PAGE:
About Rotary

The world’s first service club was the Rotary Club of Chicago, Illinois, USA.  The club was formed on 23 February 1905 by lawyer Paul Harris and three friends – a merchant, a coal dealer and a mining engineer.  Harris wished to recapture the friendly spirit among business people in the small town where he grew up.  The name “Rotary” was derived from the early practice of “rotating” meetings among the members’ offices.


The main objective of Rotary is service – in the community, in the workplace and throughout the world.  Rotary volunteers build goodwill and peace, provide humanitarian service and encourage high ethical standards in all vocations. The Rotary motto is “Service above Self”.


Rotary members are professional men and women who work as volunteers to improve the quality of life in their home and world community.  Club membership represents a cross-section of local business and professional leaders.  Rotary clubs meet weekly and are non-political, non-religious and open to all cultures, races and creeds. There are now (2015) approximately 1.21 million Rotary club members working in 34,600 clubs in 220 countries and geographic regions.

 Service Today

Rotary volunteers initiate community projects that address many of today’s most critical issues such as violence, drug abuse, youth, AIDS, hunger, the environment and illiteracy. Rotary clubs are autonomous and determine service projects based on local needs.  They are encouraged to develop projects that address specific areas of need such as children at risk, disabled persons, the aged, health care, international understanding and goodwill, literacy and numeracy, population issues, poverty and hunger, the environment and urban concerns. Rotary members work with and for youth to address challenges facing young people.  Through participation in Rotary sponsored Interact clubs (for secondary schools), Rotaract clubs (for young adults) and Rotary Youth Leadership Awards, young people worldwide learn leadership skills and the importance of community service. Rotary volunteers have a history of building safe communities and working for peace.  In places where urban violence is rampant, Rotary’s community-based network helps to prevent unrest.  Rotary sponsored violence prevention projects and conferences address the root causes of violence such as drug abuse, poverty and lack of role models.

 Rotary’s Areas of Focus

The needs spanning Rotary’s six areas of focus are vast, ranging from lack of access to clean water to the need for immunisation to prevent deadly diseases. Rotary clubs serve communities around the world, each with unique concerns and needs. Rotarians have continually adapted and improved the way they respond to those needs, taking on a broad range of service projects. The most successful and sustainable Rotary service tends to fall within one of the following six areas:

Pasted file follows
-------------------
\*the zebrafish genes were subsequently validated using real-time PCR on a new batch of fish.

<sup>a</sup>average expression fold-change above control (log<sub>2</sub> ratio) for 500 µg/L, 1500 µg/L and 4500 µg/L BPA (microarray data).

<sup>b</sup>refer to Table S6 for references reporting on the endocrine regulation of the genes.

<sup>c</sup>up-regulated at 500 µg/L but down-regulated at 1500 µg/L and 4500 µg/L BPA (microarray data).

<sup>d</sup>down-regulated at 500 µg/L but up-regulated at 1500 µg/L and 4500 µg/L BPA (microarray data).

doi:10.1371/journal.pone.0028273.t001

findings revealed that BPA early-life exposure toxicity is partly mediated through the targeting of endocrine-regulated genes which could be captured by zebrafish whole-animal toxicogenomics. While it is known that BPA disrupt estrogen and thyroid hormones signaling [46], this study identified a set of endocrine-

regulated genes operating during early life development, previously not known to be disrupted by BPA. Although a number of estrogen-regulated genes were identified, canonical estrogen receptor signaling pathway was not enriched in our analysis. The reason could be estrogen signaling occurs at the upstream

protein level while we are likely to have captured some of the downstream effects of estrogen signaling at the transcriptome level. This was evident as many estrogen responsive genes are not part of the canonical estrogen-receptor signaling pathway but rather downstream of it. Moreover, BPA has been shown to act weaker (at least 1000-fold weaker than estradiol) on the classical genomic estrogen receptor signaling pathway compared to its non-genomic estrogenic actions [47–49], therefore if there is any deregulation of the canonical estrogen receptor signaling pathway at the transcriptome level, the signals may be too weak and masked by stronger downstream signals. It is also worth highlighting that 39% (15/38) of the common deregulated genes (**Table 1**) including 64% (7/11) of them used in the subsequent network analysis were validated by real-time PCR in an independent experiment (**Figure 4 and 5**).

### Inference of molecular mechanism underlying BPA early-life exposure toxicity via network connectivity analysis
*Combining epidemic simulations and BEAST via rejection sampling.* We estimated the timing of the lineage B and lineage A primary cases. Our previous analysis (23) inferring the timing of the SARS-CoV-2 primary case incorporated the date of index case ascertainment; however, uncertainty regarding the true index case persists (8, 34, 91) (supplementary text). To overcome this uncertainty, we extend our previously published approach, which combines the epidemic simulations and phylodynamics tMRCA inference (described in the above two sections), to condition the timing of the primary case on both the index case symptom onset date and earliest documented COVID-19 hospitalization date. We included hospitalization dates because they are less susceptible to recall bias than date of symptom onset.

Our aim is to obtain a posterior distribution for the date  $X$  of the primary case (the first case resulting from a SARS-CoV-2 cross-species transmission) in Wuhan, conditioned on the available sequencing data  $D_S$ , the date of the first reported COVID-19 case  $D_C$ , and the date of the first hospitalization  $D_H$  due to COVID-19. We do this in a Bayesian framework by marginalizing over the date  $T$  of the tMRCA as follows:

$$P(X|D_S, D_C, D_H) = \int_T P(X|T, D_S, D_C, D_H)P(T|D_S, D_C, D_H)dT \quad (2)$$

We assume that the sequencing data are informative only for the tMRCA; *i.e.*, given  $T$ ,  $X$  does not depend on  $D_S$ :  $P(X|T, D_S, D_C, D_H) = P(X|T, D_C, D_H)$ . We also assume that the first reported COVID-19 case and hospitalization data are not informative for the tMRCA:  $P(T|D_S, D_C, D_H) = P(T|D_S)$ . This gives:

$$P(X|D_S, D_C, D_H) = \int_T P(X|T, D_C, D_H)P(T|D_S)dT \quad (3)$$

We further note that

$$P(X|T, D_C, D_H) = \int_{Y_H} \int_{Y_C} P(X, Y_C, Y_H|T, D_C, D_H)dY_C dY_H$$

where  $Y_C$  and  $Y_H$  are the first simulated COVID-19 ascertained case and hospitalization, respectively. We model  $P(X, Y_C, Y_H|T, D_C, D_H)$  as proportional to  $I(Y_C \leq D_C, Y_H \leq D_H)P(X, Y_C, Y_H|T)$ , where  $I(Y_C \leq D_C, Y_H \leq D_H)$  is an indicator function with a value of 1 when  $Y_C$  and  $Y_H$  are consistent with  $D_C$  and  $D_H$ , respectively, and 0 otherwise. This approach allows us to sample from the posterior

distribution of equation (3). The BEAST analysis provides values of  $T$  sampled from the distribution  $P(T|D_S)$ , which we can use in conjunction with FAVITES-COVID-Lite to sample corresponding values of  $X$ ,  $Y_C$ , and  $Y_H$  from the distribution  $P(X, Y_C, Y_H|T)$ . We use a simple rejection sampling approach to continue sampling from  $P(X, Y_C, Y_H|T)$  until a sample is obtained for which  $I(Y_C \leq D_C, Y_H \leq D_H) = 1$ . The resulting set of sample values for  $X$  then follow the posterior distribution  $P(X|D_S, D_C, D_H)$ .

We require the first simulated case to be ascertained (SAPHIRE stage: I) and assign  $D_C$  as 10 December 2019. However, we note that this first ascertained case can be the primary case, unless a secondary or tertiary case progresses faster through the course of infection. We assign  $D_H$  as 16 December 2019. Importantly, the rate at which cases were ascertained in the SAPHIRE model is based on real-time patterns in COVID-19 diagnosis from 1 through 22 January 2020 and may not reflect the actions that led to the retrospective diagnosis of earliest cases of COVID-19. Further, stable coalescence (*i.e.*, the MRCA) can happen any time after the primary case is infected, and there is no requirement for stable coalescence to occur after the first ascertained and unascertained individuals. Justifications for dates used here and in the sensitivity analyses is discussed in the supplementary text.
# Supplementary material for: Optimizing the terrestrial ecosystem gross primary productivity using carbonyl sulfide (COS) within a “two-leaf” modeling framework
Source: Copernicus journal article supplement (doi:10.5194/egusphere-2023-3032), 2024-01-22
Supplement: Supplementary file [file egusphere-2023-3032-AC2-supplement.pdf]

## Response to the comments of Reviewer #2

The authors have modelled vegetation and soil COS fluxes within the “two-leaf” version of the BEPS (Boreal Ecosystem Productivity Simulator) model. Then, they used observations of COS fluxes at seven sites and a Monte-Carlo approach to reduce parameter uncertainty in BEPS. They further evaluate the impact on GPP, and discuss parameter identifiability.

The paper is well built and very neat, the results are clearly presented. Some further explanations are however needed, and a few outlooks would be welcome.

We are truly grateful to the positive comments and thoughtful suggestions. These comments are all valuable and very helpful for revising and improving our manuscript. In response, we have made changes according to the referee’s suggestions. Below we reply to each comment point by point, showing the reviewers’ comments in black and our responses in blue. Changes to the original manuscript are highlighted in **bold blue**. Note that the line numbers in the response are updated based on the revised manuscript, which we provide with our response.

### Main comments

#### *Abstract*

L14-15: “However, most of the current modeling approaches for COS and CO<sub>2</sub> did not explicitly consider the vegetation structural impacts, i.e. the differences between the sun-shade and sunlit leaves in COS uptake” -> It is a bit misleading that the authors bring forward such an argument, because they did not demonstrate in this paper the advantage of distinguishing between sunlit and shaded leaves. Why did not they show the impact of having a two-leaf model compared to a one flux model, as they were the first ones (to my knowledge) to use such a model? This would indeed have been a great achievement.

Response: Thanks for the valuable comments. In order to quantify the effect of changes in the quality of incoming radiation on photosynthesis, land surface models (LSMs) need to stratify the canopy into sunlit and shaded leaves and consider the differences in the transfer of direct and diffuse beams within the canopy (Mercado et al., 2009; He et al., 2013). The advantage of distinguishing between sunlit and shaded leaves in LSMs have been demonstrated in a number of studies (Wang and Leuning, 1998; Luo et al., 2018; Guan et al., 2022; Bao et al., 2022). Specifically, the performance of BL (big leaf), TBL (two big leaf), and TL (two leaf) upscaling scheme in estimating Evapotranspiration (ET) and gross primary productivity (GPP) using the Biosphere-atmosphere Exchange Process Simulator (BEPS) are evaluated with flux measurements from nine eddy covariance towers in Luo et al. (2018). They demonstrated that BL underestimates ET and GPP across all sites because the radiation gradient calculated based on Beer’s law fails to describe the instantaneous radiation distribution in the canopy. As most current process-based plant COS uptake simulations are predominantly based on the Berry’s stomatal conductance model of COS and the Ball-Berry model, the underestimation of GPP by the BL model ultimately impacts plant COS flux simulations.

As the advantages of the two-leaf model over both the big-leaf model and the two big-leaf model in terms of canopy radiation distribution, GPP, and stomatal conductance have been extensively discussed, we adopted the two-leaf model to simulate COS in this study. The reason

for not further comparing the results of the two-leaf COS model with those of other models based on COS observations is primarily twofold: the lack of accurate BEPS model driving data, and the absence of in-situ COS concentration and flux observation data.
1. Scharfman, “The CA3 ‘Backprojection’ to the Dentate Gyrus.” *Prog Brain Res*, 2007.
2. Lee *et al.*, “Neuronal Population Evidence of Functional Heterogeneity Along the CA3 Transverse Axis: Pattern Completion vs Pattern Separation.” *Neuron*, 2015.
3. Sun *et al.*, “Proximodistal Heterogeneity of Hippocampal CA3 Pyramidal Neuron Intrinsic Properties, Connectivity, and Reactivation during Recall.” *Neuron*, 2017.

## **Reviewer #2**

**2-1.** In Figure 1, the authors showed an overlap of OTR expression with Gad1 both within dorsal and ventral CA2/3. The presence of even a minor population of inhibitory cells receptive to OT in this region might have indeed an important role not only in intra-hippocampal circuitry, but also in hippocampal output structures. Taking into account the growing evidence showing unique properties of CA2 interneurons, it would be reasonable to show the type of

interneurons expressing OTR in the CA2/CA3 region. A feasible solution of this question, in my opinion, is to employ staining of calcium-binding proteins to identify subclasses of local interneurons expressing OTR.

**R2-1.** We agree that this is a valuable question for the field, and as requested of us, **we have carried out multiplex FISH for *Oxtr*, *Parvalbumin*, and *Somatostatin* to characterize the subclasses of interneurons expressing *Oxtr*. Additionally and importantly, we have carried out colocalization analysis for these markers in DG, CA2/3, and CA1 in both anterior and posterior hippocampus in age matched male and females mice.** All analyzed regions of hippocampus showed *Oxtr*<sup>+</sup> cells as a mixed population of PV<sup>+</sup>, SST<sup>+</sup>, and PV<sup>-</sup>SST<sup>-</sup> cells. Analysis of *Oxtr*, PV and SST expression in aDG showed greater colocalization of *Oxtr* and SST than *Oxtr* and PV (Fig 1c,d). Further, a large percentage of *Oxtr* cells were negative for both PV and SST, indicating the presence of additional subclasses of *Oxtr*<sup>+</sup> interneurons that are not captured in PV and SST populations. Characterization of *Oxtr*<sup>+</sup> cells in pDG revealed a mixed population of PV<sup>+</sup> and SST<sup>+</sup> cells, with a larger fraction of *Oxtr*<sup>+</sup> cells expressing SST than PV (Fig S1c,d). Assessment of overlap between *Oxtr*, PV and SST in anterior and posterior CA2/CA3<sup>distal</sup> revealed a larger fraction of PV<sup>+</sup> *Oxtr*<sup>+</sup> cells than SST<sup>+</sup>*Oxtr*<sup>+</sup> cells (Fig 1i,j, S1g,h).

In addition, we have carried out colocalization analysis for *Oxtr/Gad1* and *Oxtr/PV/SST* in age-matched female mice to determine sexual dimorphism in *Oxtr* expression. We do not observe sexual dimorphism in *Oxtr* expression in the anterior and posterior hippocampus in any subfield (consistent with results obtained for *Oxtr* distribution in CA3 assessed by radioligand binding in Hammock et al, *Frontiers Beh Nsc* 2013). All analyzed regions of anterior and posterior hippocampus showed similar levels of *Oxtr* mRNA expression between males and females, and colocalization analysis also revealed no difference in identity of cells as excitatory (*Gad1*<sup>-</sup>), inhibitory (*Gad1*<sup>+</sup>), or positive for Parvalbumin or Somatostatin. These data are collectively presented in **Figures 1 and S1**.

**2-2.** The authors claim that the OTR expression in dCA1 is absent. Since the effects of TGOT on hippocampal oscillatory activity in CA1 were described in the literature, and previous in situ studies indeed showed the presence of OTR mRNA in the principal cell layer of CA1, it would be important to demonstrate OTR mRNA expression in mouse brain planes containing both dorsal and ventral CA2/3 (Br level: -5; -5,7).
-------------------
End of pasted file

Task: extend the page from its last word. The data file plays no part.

• Peace and conflict prevention/resolution
  • Disease prevention and treatment
  • Water and sanitation
  • Maternal and child health
  • Basic education and literacy
  • Economic and community development
 The Object of Rotary

The Object of Rotary is to encourage and foster the ideal of service as a basis of worthy enterprise and, in particular, to encourage and foster:

FIRST:              The development of acquaintance as an opportunity for service;

SECOND:          High ethical standards in business and professions; the recognition of the worthiness of all useful occupations; and the dignifying of each Rotarian’s occupation as an opportunity to serve society;

THIRD:             The application of the ideal of service in each Rotarian’s personal, business and community life;

FOURTH:          The advancement of international understanding, goodwill and peace through a world fellowship of business and professional persons united in the ideal of service.

The Rotary “Wheel” Logo

ri new logo yellow_3The familiar Rotary “gearwheel” emblem universally identifies Rotary clubs, programs and members throughout the world.  After remaining unchanged for 90 years, the present single colour version was adopted in 2013 as part of Rotary International rebranding. The logo is protected by trademark and other intellectual property laws.  Use of the emblem is restricted to official stationery, badges and signage associated with authorised Rotary programs and activities. The Rotary emblem must be used in its entirety without any additions, deletions, colour change or other variation to the adopted design.  The emblem cannot be used to promote a member’s personal or business interests.  Further information on use of the emblem is contained in the Rotary International Manual of Procedure.